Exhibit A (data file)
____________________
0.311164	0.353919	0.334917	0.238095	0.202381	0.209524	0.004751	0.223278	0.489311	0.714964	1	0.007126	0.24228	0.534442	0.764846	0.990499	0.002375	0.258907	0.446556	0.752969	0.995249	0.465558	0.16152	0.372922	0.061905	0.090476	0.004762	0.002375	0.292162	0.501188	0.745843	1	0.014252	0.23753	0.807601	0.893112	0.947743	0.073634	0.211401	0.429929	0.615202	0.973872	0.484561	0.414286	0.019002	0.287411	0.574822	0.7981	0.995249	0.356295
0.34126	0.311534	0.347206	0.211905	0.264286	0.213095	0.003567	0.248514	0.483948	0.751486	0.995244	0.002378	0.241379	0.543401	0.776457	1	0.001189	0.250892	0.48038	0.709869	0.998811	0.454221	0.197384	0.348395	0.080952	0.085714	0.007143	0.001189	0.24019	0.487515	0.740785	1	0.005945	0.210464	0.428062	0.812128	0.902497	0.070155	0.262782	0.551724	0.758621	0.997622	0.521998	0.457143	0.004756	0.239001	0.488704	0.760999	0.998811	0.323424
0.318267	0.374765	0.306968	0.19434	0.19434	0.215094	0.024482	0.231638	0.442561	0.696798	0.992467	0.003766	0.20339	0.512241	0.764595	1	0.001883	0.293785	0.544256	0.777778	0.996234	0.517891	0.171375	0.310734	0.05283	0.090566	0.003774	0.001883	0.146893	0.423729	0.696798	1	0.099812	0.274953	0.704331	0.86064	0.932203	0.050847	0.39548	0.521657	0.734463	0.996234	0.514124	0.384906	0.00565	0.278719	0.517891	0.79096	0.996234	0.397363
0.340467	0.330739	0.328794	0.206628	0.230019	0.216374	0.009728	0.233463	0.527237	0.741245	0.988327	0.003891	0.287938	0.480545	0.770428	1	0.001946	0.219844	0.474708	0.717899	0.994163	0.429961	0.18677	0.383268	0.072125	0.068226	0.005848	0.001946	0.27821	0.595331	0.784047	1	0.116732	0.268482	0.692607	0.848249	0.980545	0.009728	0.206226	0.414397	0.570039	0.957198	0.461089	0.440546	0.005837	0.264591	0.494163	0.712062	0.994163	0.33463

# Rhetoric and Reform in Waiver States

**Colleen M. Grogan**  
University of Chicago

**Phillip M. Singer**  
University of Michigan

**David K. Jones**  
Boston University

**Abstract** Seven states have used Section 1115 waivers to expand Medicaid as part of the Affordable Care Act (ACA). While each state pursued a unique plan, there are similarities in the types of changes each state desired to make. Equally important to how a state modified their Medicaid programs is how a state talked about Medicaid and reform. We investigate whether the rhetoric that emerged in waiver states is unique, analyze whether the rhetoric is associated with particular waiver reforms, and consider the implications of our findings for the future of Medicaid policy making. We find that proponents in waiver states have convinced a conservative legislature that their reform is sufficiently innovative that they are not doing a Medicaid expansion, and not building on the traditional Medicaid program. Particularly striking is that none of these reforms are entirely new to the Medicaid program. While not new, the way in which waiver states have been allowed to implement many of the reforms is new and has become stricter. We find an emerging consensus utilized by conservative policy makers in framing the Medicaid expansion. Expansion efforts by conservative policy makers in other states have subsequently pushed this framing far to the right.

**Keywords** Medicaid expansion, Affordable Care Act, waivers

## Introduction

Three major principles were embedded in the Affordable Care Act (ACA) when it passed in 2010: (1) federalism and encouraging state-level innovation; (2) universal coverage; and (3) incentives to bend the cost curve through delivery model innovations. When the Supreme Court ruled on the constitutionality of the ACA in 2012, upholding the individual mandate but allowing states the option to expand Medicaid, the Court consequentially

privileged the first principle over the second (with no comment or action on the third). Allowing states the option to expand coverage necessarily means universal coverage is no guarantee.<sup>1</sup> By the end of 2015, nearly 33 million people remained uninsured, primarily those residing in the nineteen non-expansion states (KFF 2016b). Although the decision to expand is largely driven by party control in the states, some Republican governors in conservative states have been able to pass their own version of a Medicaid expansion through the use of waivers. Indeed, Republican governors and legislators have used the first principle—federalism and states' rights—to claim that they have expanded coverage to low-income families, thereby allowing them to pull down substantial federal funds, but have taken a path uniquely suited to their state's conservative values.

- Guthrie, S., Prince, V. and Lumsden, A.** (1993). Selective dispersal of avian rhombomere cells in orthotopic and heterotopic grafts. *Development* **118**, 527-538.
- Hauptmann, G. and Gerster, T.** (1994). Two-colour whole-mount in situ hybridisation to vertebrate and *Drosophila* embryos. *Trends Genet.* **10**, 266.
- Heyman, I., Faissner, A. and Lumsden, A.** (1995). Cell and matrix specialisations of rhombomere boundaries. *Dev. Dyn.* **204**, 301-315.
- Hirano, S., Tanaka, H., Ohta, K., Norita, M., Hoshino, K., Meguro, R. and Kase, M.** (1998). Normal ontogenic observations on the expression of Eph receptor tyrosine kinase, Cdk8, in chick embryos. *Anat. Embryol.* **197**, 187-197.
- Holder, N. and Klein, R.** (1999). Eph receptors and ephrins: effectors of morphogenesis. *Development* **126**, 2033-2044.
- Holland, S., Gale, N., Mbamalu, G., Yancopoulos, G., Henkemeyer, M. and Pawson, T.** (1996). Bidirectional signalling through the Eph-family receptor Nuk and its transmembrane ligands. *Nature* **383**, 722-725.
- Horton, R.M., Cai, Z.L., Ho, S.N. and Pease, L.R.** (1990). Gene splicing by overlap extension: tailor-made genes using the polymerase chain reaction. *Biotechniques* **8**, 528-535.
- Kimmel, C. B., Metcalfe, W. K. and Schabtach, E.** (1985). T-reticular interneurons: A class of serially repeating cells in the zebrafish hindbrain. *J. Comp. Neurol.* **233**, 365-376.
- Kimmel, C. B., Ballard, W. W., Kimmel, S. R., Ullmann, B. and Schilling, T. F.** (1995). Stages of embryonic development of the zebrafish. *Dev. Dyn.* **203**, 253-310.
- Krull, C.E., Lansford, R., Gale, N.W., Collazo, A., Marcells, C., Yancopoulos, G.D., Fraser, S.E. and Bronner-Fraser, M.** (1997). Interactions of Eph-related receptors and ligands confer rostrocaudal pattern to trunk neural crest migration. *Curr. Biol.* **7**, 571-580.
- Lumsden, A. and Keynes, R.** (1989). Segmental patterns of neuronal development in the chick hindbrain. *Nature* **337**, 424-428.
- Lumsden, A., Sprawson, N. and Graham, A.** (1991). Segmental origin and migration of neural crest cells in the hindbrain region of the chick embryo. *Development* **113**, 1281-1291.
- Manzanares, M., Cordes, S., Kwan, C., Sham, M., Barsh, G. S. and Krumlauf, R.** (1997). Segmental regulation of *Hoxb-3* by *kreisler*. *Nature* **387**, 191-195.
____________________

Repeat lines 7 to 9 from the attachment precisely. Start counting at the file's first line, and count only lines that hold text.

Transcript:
University of Chicago

**Phillip M. Singer**  
University of Michigan